The “Star Wars” franchise has entered another renaissance era over the past two years.
With the meteoric success of the Disney+ series “The Mandalorian” and the fan-favored “Star Wars: The Clone Wars,” Disney is quickly earning back fan trust after the maligned sequel trilogy.
“Star Wars Visions,” the third major series in the franchise made solely for Disney’s streaming service, goes in a surprising direction.
The roots of this generation-spanning franchise go as far back as the 1950s with Akira Kurosawa films such as “The Seven Samurai” and “The Hidden Fortress.” George Lucas, the creator of the series, has repeatedly cited these films as influencing the making of “Star Wars.”
The use of peasant heroes, rogue princesses and ronins defending the innocent with sword-like weapons, are all obvious hallmarks of Kurosawa films that can be easily found in the space-fairing series beloved today. “Visions” takes this inspiration to heart, gathering seven major Japanese animation studios to produce nine animated shorts, each with their own individual story and style.
The first episode,“The Duel,” takes the clearest inspiration from those early films, focusing on a ronin-like Jedi defending a town from a band of Sith-led raiders. Where the episode diverges from this traditional story though is through the execution.
Produced by Kamikaze Douga (“Jojo’s Bizarre Adventure”), “The Duel” exudes style and flair with its black and white aesthetic and mix of computer graphics with hand-drawn features.
Other episodes of note include “The Ninth Jedi,” made by the production IG (“Ghost In The Shell”), which mixes the unmistakable score of John Williams with a dramatic atmosphere and surprising twist.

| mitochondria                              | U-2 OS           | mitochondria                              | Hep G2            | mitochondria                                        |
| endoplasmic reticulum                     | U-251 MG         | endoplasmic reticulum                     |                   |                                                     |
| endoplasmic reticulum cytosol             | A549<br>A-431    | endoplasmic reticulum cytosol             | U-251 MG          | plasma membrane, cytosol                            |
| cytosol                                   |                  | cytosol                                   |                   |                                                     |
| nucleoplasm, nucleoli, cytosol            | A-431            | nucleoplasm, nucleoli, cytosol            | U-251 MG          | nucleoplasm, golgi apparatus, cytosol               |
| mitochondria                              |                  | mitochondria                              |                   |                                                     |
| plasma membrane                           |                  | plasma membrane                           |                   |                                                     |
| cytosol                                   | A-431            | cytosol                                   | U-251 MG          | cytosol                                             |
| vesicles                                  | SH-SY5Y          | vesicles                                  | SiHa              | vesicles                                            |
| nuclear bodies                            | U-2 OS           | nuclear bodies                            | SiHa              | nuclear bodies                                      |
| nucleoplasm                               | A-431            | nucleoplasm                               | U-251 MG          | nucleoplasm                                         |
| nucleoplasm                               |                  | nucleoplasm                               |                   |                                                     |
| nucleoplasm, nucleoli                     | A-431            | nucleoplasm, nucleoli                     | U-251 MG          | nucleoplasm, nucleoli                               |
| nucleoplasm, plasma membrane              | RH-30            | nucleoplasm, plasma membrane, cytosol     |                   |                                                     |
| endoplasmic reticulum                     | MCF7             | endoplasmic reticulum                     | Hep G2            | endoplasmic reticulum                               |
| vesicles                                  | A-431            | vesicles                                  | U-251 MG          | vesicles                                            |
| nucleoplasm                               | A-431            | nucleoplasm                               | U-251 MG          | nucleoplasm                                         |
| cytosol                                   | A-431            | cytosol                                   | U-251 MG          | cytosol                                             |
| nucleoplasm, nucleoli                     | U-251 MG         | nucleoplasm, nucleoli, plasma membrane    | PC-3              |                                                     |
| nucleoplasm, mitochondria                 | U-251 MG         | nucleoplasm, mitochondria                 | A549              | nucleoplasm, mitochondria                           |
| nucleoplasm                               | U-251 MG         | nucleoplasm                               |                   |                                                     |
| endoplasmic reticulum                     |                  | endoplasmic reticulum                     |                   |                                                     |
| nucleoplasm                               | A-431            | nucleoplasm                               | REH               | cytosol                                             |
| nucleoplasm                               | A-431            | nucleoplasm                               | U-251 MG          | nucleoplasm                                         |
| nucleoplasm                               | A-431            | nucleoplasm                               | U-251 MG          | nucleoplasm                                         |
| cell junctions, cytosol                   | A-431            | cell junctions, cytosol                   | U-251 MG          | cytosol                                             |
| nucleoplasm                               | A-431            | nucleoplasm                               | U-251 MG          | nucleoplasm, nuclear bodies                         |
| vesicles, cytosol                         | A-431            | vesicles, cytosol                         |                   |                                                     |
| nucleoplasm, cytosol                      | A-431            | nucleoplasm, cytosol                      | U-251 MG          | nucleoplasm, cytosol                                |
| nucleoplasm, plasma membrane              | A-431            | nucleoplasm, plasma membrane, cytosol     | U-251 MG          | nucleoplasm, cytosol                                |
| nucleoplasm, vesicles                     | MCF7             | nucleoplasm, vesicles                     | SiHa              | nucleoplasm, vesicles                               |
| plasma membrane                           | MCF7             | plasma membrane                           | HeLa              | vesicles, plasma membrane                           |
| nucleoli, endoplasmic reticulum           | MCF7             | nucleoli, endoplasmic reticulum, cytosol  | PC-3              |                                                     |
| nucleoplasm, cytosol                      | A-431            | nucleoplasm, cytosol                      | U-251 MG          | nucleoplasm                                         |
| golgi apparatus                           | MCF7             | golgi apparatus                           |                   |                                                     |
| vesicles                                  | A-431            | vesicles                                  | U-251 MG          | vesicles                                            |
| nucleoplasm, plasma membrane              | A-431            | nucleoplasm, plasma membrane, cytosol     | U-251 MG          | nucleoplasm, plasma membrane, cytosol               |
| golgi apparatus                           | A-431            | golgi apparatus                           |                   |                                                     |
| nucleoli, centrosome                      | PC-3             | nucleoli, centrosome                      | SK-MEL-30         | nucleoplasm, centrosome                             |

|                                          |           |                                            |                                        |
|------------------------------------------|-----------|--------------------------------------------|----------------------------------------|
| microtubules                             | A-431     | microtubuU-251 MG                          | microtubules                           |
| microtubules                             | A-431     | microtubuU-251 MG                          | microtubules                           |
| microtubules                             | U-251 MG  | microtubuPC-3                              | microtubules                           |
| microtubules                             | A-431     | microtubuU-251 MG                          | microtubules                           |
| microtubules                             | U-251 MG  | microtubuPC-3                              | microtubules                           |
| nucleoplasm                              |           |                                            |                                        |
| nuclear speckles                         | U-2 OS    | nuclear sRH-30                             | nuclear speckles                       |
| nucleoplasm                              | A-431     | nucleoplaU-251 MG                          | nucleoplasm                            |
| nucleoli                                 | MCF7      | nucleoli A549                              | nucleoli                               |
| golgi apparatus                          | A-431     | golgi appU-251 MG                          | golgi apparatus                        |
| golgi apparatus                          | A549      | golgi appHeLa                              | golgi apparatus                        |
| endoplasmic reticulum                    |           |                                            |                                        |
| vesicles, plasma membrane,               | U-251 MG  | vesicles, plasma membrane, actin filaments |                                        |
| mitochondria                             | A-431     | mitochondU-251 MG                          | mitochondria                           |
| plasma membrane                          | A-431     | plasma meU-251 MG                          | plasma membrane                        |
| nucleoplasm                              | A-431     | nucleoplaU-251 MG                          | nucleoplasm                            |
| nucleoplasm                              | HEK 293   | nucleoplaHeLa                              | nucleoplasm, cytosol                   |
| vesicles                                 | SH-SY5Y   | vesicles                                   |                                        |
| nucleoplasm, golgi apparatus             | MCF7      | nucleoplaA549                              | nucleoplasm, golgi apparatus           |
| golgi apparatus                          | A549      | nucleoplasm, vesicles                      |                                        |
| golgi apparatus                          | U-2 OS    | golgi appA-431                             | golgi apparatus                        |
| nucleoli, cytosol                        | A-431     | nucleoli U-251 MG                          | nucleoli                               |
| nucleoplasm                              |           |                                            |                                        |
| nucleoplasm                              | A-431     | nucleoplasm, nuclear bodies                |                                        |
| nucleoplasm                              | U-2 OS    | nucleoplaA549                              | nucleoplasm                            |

“The Ninth Jedi” also serves as one of the more complexly written episodes of the series, featuring an A plot revolving around the convocation of a handful of rogue Jedi and a B plot showcasing the escape of a galactic blacksmith’s daughter.
“The Elder,” animated by Trigger (“Kill la Kill” and “Little Witch Academia”) is one of the most tonally consistent with what fans have come to expect from “Star Wars,” with its focus on a Jedi and his apprentice visiting a remote planet only to come face-to-face with a powerful sith.
While “The Elder” may have the strongest sense of foreboding, the payoff with the reveal of the episode’s namesake may have been too much of a caricature to mesh with the tone of the story. Regardless, it’s among the best episodes in this short series.
Unfortunately, not every episode packs as much structure, or adheres as closely to the inspiring source material. Immediately following what may be the best of the episodes, is “Tatooine Rhapsody,” a wildly different “Star Wars” experience from Studio Colorido (“Penguin Highway”).
Where “The Duel” is a grim but bombastic tale, “Tattoine Rhapsody” could give one whiplash in just how quickly it diverges in atmosphere and content.
The second episode is much closer to a slice- of-life anime, focusing on a young Jedi attempting to start a rock band. What saves the episode from obscurity are the surprising cameos from “Star Wars” alumni. Despite its charm though, it lacks subtlety or even a clear message unlike the aforementioned episodes.
“T0-B1” also takes things in a different direction, from Science Saru (Devilman Crybaby). Focusing on a young robot-boy dreaming to become a Jedi, its imaginative presentation and bubbly tone hearken to that of older anime series’ like “Astro Boy” and “Mega Man” despite the dramatic nature of the final act. While the moral of the episode matches the tone “Star Wars” has become synonymous with, its jagged structure leaves much to be desired.
The result of all these varying styles episode-to-episode means “Visions” can be a very complex viewing experience. With the exception of taking place in the “Star Wars” universe, there’s no solid theme connecting each of the nine episodes.
Rather than being viewed as a whole, “Visions” is likely viewed best diegetically, with each episode being taken in as its own piece of medium.
“Star Wars Visions” may be a mixed assortment of content, but there’s bound to be something for everyone within that bag, whether it be for old fans of the “Star Wars” series or new fans brought in through the use of Japanese animation.
After “The Mandalorian,” “Clone Wars” and now “Star Wars Visions,” it seems Disney has finally settled on a plan for the saga after the mismanagement of the sequel films. “Visions” is the next step forward in this plan, to move “Star Wars” away from the big screen and toward the homes of fans.
“Star Wars Visions,” rated TV-PG, is available now on Disney+.